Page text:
Michael Murphy © 2024

Writing a Proposal for Space Research

1 month ago

Writing any kind of research proposal can be a daunting task. Writing a proposal for a project that will take place in space might seem even more frightening, but it really follows the same rules. 

 

Below, I will outline how to write a proposal for an Analogue Space Mission focused on exploration, like Space Health Research’s MEILI-I and II. Most of this will carry over into best practices for any proposal writing, but as always, make sure you know what is expected. NASA has [loads of helpful resources], a [guidebook], a [checklist], and a [launchpad]. The research body that you are applying to will likely have just as many guidelines and requirements. Read them all. 

 

Luckily, applying to do research on a Space Health Research analogue is much more streamlined. 

 

Pre-Work

In order to conduct research, you must have approval from a research ethics body. You can still propose a study without ethical approval and identify the institutional review board / ethics board that you will apply to, but you must gain approval before the analogue begins. That means that most of the questions and topics below will already have been addressed. Use the following as guidelines, but ethics approval is essential before conducting research. 

 

Considerations before you write:

  • What is your research gap, and why does it need to be addressed in Space Exploration? 

  • How will your findings benefit you? How will they make a significant and original contribution to your field? How will they benefit the science research institute?

  • Why conduct this research? 

  • Why conduct this research now?

  • Why are you uniquely suited to lead this research?

  • If there are more than one of you, who is on your team and what are their strengths? 

  • What will astronauts be required to do, and can you train them to do it in a very short time? 

  • Use figures if you can. 

  • The first line of each paragraph should summarize the whole paragraph. 

  • What are your specific outputs? 

You will probably develop a 20-30 page proposal just from answering these prompts alone. This is excellent for working through each detail of your project. Fear not though, Space Health Research applications only have six big questions that you’ll need to answer: 

 

1. What is your proposal overview? 

Think of this as an abstract section. Broadly, what question are you addressing, how are you going to address it, why is this mission the right fit, what will be required, and what will come from it?

 

2. What is the purpose of your study?

What is the justification? Why is this important? Try to contextualize your project with background information that leads us up to this point. What research has come before, what gaps are there, and how will you expand on this? Are there inconclusive or controversial findings in previous studies? Why does this research need to be done in space or on an analogue?

 

3. Funding

It is important to disclose both your acquired funding for the project and any anticipated funding that has not been finalized. Because analogues take a great deal of planning, we will need to know what contingencies you may have in the event that one or more sources of funding fall through. This is also a good place to outline any commitments that you have made in exchange for funding so that we can discuss them together and make sure they can be built into the mission plan. On the other hand, a study during a Space Health Research analogue mission can also be a pilot to provide proof of concept for a large grant application. Researchers can also run research programmes over multiple analogues, so there are many options.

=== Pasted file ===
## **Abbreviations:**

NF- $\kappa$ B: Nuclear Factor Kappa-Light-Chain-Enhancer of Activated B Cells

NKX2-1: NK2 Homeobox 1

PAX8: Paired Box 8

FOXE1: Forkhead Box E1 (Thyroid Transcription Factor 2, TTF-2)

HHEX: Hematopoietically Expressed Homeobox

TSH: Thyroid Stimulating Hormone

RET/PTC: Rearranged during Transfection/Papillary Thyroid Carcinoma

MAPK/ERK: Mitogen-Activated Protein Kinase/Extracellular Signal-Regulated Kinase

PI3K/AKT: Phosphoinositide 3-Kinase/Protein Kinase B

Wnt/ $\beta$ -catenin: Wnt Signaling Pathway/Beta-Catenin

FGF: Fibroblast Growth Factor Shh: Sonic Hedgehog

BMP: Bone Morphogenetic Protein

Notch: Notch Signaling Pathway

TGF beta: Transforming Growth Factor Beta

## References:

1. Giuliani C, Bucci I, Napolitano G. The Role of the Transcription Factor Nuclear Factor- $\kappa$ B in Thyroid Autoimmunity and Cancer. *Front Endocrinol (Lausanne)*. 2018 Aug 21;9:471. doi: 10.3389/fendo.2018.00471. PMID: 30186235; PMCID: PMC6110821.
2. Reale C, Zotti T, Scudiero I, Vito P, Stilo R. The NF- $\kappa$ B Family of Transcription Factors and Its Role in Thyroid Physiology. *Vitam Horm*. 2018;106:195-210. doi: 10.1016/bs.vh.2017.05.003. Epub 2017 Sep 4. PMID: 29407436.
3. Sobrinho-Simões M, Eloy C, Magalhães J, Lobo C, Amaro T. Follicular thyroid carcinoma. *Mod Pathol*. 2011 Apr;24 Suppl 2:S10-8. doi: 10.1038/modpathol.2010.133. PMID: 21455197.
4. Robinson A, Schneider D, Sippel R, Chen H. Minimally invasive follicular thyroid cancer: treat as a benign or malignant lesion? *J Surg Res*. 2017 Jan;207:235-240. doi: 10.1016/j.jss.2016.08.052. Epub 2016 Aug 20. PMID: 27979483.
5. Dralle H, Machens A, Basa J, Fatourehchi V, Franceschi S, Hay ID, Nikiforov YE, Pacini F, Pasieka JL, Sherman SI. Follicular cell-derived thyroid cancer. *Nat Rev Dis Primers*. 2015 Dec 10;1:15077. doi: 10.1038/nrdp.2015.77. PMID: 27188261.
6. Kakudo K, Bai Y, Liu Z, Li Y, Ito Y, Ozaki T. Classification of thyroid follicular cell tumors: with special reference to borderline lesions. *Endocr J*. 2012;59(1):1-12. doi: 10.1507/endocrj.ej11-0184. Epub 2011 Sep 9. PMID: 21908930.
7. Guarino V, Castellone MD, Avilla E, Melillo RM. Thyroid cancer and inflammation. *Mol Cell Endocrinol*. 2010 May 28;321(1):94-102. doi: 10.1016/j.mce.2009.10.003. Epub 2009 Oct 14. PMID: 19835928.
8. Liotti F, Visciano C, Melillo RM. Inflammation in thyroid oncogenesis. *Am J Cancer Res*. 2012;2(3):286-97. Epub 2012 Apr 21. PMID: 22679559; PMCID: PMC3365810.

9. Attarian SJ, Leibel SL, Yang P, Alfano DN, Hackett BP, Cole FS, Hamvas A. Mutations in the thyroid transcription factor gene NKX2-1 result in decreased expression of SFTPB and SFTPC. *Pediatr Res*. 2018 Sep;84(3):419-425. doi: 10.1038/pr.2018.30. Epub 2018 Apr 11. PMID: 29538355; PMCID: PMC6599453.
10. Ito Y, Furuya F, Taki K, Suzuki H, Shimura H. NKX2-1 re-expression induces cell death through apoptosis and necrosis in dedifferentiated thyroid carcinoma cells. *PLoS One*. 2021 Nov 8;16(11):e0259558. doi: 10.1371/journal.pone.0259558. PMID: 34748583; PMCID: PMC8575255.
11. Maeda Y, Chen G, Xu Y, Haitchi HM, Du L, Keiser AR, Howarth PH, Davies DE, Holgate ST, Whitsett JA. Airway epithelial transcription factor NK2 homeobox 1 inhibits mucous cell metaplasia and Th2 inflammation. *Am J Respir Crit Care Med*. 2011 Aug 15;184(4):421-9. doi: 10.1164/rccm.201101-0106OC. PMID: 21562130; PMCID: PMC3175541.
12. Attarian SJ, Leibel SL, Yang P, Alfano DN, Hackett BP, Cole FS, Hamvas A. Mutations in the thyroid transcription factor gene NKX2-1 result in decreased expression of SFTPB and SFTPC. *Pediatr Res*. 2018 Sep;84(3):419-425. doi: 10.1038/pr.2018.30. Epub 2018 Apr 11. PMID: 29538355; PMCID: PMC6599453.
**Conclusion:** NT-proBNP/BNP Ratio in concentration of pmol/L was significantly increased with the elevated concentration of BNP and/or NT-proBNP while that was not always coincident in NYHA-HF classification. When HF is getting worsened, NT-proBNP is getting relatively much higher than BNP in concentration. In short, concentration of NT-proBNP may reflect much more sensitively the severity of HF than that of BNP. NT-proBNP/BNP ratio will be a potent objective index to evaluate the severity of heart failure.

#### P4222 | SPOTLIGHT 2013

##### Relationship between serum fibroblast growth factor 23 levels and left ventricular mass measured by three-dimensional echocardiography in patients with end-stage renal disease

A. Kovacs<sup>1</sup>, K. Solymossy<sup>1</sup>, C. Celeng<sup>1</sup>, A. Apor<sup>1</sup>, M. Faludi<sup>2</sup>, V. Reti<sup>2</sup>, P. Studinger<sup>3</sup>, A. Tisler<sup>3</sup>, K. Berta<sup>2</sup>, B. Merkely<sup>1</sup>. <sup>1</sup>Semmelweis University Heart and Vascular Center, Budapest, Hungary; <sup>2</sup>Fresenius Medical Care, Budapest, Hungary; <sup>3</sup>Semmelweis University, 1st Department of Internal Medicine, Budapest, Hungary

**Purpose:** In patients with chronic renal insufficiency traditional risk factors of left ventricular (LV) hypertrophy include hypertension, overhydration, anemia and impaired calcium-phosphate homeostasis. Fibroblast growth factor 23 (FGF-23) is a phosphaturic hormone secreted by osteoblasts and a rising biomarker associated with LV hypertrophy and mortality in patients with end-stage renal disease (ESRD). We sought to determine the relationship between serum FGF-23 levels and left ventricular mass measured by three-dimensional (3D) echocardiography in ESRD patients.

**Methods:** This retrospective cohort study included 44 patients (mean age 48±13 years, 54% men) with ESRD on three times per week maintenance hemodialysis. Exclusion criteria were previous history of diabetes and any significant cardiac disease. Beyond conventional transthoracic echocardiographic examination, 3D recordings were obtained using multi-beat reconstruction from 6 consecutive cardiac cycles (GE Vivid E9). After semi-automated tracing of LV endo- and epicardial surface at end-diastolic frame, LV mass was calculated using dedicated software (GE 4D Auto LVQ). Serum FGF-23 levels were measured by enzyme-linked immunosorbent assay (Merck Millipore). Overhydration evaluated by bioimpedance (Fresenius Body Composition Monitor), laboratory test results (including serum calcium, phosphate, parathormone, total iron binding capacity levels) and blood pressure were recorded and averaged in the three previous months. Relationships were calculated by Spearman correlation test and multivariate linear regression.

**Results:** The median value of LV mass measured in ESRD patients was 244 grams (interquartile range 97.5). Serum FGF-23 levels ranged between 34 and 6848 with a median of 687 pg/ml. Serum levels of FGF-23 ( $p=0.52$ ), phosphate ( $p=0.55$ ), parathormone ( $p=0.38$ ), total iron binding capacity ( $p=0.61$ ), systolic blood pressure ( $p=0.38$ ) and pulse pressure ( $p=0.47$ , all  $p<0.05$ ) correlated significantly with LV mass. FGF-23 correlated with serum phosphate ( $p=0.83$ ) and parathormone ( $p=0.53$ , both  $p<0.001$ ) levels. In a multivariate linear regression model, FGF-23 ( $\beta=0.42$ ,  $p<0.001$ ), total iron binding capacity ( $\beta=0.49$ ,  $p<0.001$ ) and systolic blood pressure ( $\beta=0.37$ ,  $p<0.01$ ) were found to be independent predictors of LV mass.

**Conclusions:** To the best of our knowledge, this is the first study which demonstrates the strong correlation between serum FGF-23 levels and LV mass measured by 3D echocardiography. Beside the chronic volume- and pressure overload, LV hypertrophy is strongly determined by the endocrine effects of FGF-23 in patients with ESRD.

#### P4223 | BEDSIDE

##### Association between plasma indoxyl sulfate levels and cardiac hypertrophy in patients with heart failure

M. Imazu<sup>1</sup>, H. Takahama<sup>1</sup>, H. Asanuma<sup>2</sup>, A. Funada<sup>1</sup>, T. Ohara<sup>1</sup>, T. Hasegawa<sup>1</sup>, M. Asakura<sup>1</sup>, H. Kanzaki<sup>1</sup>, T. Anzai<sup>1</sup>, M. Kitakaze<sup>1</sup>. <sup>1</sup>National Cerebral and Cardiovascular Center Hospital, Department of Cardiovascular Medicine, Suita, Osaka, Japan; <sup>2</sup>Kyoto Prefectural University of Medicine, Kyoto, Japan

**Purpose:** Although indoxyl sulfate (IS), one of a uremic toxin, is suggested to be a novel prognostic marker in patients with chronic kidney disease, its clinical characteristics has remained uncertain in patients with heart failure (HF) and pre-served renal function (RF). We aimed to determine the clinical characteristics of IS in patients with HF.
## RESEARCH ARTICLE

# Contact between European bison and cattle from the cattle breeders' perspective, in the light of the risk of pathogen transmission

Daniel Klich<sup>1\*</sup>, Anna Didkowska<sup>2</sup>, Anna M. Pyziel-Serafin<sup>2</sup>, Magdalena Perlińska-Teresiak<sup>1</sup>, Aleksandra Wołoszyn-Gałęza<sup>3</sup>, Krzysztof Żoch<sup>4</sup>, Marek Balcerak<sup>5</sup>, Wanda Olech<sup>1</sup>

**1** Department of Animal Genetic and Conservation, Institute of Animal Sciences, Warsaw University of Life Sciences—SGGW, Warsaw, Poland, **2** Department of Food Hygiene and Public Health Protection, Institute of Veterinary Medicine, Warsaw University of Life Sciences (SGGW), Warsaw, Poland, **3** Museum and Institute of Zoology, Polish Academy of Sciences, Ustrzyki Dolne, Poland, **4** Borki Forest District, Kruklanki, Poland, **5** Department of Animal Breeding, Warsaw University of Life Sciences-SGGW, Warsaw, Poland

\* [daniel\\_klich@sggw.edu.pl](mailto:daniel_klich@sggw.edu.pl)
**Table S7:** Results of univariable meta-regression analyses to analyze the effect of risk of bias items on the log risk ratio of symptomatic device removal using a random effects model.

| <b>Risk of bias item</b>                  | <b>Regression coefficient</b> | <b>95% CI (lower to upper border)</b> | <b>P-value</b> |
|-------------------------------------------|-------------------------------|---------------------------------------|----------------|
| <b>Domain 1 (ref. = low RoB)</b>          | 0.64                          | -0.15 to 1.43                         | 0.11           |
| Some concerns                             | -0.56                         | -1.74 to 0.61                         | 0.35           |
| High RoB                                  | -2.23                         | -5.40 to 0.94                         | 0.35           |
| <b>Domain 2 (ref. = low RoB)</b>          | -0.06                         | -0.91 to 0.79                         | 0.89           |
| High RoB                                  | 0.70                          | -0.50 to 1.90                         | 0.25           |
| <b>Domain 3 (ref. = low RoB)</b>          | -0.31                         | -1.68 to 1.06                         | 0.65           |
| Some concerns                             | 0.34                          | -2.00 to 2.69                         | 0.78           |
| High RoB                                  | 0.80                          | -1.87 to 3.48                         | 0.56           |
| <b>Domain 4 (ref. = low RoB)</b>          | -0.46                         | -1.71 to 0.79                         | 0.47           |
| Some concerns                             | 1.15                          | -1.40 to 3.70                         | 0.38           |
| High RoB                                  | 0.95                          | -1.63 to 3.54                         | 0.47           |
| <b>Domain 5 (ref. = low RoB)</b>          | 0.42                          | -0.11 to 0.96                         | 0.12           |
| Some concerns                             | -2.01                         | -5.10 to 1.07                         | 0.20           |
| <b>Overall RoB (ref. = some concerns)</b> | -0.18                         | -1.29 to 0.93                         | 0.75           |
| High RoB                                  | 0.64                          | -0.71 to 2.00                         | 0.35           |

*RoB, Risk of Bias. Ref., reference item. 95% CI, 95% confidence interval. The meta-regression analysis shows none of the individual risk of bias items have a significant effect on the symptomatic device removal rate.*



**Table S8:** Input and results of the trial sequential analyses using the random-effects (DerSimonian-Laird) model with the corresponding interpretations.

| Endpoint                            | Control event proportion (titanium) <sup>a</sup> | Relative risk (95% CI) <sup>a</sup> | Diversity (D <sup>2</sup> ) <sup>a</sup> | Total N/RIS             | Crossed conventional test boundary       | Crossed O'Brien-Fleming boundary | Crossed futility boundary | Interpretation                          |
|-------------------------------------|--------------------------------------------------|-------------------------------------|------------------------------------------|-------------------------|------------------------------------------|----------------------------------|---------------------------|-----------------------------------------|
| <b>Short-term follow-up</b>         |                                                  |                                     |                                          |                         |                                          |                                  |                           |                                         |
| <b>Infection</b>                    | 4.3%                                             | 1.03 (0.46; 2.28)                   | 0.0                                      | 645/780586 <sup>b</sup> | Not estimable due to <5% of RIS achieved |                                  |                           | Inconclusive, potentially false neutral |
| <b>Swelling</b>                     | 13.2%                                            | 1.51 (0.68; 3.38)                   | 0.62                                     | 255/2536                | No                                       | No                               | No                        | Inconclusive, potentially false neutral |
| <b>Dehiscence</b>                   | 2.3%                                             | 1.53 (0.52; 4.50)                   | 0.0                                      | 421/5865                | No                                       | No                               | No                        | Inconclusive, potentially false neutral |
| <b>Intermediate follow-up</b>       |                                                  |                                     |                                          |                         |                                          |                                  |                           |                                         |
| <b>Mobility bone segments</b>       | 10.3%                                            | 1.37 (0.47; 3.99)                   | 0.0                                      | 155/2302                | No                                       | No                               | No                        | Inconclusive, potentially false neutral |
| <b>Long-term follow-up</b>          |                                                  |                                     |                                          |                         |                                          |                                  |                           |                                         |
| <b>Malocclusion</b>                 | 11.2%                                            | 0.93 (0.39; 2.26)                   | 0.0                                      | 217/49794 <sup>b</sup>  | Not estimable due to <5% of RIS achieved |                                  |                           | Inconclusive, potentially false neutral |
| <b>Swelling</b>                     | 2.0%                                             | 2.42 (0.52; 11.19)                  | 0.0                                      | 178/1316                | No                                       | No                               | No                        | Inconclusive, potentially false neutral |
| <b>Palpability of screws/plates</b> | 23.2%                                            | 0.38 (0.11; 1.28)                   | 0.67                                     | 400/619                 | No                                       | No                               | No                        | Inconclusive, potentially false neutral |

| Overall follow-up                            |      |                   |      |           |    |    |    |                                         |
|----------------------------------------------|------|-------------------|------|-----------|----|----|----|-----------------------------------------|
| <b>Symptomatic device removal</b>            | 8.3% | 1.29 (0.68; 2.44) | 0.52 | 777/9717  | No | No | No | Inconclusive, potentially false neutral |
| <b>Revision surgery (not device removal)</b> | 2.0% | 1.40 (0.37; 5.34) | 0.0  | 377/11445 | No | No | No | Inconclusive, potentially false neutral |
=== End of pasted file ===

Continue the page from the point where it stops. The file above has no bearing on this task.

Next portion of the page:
4. Ethics

Research ethics are an essential part of an application. Your research project must be approved and supported by a research ethics board–usually, this will be part of your university or organization. In brief, tell us what ethical considerations you have taken onboard, what challenges you anticipate, and what mitigation strategies you’ve put in place. What consent will be required, and what are participants (astronauts, mission control, other?) consenting to? What information will you be taking, how will it be stored, and what will it be used for?

 

5. Impact

What will the greater impact of your research proposal be, and how will you achieve it? In this section, the more commitments and certainty you can acquire before research starts, the better. The research may result in an academic article or contribute to a manuscript, in which case a timeline will be useful. If you have media commitments (podcasts, magazines, video), who have you contacted and what arrangements are in place? Where do you plan to present your research in talks or conferences? Essentially, what is your roadmap for taking the information that you’ve gathered and turning it into an output that audiences can consume and respond to?

 

6. Research Proposal

Finally, give us the proposal itself. Tell us what methods you will use, what data will be gathered, how it will be analyzed, and how that contributes to a greater understanding. If each of the other questions was setting the stage for your research, this is the actual ‘how’ of the proposal. Try to write in a sequential order that takes us through each step of the research process from start to finish. This will give us a clear understanding of your program and how each different part connects to form a cohesive study. 

 

And there you go! You’ve now completed a research proposal and you are ready to send it in to a space exploration research company. We look forward to your application!